If a serious crime or outrageous abuse occurred, report it. If not, deal with it as a grown-up. MPR can argue it did “due diligence.” It looks to have instead been sorely played as a partner in petty retribution — a man’s brilliant legacy and reputation shredded in the process.

True feminists care about an equitable play and proportionate response.

To have men as partners, as they seek redress for real issues of poor treatment within the workplace or elsewhere, they need to treat men the way they would like men to treat them: respectfully and as adults.

Paul Bearmon, Edina

• • •

Keillor/Wellstone scandals (“Wellstone brothers kicked off board,” Feb. 15): The underside of Minnesota Nice.

Scott A. Ritchie, St. Paul


This idea is another gift to the elite, and everyone else’s burden

I agree with the writer of the Feb. 15 commentary “Toying with tolls moves Minnesota in the wrong direction.” Someone thinks toll roads are the way to solve transportation costs, when in reality that plan would be another government giveaway to privatization. It would force some drivers to detour around the tolls, causing dangerous conditions in neighborhoods and burdens on streets not designed for such traffic.

As it is, I’m even opposed to the MnPASS express lanes — something that was implemented during the Pawlenty administration.

Having driven during the enforced hours, it just seems to be more congestive than necessary to have two or three lanes of vehicles on the right side of the road while a few elites’ cars zip by on the left. No smooth flow; just a bunch jockeying for position.

Richard Segers, Savage


Truckers don’t need tips on parking; they need more parking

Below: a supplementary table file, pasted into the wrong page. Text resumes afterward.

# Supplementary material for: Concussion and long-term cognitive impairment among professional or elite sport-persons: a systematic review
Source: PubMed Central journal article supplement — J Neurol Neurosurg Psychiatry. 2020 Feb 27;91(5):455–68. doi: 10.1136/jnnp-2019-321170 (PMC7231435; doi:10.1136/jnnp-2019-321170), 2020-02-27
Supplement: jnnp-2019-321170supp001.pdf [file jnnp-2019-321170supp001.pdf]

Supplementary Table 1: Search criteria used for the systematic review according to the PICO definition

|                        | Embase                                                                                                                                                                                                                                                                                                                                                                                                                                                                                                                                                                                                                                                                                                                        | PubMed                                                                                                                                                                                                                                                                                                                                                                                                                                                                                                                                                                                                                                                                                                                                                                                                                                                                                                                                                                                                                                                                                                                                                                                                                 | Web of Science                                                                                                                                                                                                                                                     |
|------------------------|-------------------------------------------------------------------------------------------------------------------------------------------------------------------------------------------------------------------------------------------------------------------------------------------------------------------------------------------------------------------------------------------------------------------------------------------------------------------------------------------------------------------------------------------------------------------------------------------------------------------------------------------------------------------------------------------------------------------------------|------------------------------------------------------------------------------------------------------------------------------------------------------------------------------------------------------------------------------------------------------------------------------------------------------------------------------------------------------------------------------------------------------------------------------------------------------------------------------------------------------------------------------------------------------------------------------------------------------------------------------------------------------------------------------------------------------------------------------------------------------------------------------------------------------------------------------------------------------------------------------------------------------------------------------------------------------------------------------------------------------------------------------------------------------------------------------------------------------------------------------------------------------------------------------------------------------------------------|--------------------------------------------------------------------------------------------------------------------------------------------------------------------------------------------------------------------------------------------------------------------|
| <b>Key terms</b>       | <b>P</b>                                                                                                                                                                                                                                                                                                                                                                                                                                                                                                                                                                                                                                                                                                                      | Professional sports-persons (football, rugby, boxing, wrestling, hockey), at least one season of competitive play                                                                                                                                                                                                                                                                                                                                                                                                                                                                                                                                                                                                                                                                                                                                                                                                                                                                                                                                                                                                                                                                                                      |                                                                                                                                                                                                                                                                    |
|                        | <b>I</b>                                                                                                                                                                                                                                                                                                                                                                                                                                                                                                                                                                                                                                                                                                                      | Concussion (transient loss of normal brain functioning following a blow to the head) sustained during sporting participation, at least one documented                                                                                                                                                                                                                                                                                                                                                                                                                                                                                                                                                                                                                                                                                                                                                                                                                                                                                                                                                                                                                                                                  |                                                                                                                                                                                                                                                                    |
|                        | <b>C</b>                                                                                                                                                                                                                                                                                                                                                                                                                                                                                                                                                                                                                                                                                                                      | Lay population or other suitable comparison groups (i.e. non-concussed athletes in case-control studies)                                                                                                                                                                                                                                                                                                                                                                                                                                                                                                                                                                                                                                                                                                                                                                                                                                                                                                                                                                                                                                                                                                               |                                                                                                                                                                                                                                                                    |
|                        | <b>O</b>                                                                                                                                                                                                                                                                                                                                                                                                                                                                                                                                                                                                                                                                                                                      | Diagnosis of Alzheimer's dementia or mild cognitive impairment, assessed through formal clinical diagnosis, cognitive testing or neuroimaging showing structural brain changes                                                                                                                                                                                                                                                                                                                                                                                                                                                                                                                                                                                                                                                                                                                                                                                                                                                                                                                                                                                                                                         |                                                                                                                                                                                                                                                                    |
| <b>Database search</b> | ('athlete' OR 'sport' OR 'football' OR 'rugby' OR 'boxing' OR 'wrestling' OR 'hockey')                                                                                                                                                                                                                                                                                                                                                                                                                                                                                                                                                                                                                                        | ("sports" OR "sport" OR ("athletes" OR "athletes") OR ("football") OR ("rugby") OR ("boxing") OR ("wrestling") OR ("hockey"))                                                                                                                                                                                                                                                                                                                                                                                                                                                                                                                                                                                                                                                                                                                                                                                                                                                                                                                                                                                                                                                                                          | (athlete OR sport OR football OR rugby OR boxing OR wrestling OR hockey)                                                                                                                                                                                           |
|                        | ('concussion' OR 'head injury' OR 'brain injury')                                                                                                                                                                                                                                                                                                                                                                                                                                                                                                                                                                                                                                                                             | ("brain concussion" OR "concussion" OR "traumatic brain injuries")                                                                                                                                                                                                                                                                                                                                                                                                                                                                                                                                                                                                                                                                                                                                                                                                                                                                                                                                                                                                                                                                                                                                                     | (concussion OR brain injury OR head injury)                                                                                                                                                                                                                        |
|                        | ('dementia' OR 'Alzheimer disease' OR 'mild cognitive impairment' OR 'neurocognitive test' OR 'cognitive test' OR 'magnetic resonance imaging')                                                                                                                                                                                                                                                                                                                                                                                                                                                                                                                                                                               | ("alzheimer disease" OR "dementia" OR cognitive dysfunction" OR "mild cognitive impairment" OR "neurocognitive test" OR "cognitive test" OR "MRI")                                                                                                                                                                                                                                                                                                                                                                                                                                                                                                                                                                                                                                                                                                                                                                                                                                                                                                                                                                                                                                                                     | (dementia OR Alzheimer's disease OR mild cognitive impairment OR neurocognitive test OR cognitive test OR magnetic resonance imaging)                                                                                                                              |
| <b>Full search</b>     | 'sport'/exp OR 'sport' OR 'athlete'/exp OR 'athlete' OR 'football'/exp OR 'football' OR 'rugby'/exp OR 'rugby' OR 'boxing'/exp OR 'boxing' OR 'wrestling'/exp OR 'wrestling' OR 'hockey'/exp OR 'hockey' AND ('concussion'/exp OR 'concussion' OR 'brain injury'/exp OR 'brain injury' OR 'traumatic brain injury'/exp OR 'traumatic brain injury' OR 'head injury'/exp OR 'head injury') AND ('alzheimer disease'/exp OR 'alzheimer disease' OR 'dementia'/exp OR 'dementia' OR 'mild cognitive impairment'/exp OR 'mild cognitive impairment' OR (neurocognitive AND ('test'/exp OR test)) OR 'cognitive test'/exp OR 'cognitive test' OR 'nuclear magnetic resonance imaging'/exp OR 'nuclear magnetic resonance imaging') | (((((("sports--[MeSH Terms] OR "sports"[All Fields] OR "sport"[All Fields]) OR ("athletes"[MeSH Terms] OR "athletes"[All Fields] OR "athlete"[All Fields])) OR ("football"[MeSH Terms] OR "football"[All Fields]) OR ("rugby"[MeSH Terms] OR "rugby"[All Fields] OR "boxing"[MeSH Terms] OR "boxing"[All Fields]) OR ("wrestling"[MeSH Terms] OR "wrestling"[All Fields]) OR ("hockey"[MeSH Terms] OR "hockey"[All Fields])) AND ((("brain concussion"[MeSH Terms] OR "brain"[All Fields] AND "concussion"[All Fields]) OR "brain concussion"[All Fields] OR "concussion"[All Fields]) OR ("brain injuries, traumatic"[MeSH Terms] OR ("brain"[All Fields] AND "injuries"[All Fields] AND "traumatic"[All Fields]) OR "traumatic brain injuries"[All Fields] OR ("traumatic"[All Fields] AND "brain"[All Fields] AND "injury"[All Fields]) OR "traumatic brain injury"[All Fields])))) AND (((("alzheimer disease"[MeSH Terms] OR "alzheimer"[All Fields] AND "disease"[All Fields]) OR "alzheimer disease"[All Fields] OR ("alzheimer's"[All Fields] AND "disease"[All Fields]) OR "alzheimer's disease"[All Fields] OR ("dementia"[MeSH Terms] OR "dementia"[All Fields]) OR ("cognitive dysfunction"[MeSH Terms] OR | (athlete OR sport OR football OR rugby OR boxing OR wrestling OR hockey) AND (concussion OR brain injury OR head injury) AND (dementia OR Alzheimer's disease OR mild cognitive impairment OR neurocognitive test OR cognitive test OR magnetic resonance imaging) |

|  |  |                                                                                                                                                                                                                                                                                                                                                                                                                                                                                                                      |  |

Regarding “Sensors to help trucks find parking spaces” (Feb. 14): A huge waste of taxpayer money. According to John Hausladen, president of the Minnesota Trucking Association, this will allow truckers to “plan their trip and see if space is waiting when they get there.” What? So, if I’m in Fargo, and I plan ahead to stop at the rest area, how is this going to help? How many trucks travel on Interstate 94 ? There might be hundreds of trucks ahead of me, all wanting to stop at the same rest area.

The problem is not that truck drivers need help planning ahead. The real problem is there is just not enough parking. How is the sensor going to help the driver who is out of hours or fatigued when he gets to the rest area and the sign says there are no spaces available? Now what does he do? After all the money is spent, we are still going to have drivers sleeping on the ramps because they have no other place to go. Why don’t we look into increasing the number of parking spots available? That would have been money better spent.

Darwin Allord, Long Prairie, Minn.


Not my best friends; I prefer to breathe from unpanted air

As for dogs in the workplace (“Where it’s ‘Take Your Dog to Work Day,’ every day,” Feb. 15), employees in the small business where I work recently began showing up to the office accompanied by their pet dogs, with no challenge to this phenomena from management. I was the only one of the 11 on our staff who delivered a mild protest to this new custom, citing how dogs bring with them a distinct odor that to me is repulsive, they often would appear next to me sniffing in places they ought not and I have an aversion to the thought that I may be breathing in the air those animals are exhaling. None of those reasons merited halting bringing dogs to my workplace. I’m thinking of housing a pet snake on my office desk. Just a thought.

Bob Statz, Onamia, Minn.